It is to be hoped that any debate about where Ian Bell should bat for England has been put to bed by his continued run of amazing form at number 6. In a career lasting just 26 Tests Bell has played matches as opener and numbers 3, 4, 5 and 6. This kind of unsettling madness is the ideal recipe to destroy a player's confidence. Fortunately, Bell has come through it intact and appears to be thriving now he has established himself as a regular in the team.
The statistics are clear - Bell averages 73.87 in seven Tests at 6, over double his 35.22 in 9 Tests at 3. At 4 and 5 he averages in the mid forties, matching his overall average. Those who call for him to bat at 3 if Strauss is dropped and Vaughan opens should reconsider quickly, not just for the sake of England but out of respect for a batsman who has found his position and is playing exceptionally well in it.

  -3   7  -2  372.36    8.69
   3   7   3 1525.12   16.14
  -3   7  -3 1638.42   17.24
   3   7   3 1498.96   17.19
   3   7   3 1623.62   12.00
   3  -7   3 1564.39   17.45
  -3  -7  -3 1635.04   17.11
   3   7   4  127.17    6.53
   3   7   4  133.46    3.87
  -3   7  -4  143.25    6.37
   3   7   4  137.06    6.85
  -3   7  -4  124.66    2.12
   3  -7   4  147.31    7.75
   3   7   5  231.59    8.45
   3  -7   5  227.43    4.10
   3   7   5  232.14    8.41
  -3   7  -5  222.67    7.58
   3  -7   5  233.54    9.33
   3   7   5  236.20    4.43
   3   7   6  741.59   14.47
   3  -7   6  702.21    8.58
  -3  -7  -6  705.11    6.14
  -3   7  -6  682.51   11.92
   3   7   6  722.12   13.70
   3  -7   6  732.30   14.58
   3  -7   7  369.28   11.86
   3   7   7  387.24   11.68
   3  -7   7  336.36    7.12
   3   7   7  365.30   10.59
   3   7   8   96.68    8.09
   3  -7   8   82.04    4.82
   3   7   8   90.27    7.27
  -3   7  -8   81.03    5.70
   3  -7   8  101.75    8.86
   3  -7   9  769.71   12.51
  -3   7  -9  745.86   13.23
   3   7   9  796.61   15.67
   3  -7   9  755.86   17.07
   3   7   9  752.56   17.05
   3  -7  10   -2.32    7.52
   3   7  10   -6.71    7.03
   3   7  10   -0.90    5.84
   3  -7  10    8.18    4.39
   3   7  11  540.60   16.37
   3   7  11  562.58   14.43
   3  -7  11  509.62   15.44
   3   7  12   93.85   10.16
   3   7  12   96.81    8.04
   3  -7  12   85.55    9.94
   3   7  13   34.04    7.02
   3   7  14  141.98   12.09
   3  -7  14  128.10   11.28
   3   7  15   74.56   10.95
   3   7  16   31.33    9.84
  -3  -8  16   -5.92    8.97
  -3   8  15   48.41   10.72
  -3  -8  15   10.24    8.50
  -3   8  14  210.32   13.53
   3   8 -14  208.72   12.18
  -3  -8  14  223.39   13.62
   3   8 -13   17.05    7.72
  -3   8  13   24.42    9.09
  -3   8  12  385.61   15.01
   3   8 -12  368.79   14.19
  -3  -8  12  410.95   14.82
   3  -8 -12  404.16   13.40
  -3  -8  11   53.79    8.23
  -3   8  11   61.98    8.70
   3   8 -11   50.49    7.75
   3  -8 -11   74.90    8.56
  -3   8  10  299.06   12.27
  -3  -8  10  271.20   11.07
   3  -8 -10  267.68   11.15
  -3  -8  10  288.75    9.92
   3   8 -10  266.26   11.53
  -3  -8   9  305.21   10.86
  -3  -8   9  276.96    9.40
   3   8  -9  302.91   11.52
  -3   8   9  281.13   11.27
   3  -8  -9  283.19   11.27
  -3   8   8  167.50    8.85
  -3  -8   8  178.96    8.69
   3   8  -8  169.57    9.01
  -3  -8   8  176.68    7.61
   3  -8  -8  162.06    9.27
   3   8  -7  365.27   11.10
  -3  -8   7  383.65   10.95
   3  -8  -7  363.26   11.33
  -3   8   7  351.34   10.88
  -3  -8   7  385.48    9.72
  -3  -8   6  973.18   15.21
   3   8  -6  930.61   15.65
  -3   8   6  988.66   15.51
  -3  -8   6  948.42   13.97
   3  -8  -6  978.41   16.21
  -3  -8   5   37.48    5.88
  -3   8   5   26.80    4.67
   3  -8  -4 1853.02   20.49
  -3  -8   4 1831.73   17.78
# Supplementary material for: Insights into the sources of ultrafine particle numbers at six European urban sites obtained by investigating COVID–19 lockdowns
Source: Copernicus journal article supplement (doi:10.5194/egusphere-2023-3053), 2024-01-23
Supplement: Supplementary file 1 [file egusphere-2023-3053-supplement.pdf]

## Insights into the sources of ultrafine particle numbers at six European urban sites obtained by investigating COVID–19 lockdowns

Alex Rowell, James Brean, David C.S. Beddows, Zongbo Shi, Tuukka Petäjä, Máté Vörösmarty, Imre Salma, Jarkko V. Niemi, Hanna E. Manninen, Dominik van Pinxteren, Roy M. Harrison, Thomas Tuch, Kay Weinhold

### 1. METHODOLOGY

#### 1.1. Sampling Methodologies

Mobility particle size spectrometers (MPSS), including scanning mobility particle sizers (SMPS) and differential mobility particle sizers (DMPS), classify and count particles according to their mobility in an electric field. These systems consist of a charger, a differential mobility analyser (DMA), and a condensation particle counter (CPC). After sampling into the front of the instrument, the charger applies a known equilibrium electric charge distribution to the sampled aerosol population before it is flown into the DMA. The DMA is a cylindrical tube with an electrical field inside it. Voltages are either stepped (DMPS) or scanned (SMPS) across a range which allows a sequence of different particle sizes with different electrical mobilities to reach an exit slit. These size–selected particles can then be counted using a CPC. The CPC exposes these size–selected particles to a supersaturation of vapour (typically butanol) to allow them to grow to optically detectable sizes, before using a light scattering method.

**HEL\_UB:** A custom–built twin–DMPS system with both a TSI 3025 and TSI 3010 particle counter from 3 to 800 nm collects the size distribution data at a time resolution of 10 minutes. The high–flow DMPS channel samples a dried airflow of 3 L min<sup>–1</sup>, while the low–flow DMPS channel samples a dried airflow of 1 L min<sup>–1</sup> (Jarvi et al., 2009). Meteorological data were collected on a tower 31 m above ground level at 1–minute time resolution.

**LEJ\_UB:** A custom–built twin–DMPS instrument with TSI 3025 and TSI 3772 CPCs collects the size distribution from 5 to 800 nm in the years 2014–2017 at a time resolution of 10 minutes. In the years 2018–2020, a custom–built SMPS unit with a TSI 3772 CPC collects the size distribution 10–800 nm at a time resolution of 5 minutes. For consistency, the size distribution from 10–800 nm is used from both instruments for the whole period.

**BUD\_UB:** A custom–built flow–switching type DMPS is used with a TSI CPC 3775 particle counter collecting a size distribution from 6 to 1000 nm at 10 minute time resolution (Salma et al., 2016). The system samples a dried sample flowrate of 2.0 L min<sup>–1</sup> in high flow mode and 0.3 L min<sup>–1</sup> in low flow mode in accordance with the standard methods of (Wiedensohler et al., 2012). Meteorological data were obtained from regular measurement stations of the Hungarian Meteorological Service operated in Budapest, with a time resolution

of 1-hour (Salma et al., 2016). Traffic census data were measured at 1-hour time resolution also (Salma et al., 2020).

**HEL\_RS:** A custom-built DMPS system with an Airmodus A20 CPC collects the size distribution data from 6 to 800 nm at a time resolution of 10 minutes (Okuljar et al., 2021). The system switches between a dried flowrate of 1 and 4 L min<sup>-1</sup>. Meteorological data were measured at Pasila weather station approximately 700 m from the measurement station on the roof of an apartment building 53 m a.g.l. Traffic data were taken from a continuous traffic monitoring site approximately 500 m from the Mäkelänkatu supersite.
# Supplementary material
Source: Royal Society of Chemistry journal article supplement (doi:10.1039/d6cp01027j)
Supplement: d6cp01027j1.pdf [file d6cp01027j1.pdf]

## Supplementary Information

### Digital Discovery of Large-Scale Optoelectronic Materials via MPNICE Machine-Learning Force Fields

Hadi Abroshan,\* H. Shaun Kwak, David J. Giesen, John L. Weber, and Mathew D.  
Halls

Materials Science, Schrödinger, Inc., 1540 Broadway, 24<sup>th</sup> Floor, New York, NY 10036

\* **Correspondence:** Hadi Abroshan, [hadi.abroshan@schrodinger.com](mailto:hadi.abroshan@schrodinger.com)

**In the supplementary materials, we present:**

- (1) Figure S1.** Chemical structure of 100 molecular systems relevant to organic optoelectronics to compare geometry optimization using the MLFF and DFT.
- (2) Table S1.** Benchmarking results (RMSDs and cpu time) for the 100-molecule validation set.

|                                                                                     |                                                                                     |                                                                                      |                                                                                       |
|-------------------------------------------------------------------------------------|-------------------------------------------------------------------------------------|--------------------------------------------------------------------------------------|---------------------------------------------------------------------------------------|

The reasons why Bell is so good at 6 lie in his wonderful ability to play equally well with top, middle and lower order batsmen. He has already shown himself to be a master at milking the tail, as well as featuring in some of England's biggest and most valuable partnerships in recent series.
One must also acknowledge that Bell's weakness outside off stump is most likely to be exposed by quality bowlers using the new ball. Too often in his time at three he was in early, practically playing as an opener. It is worrying to note then, for those who advocate moving Bell back to three, that he averaged just 13.00 in his one Test as an opener.
With England regaining their best form under the masterful captaincy of Vaughan, surely it is madness to move Bell from the number six slot, which he has made his own and which has been so important to the team's success.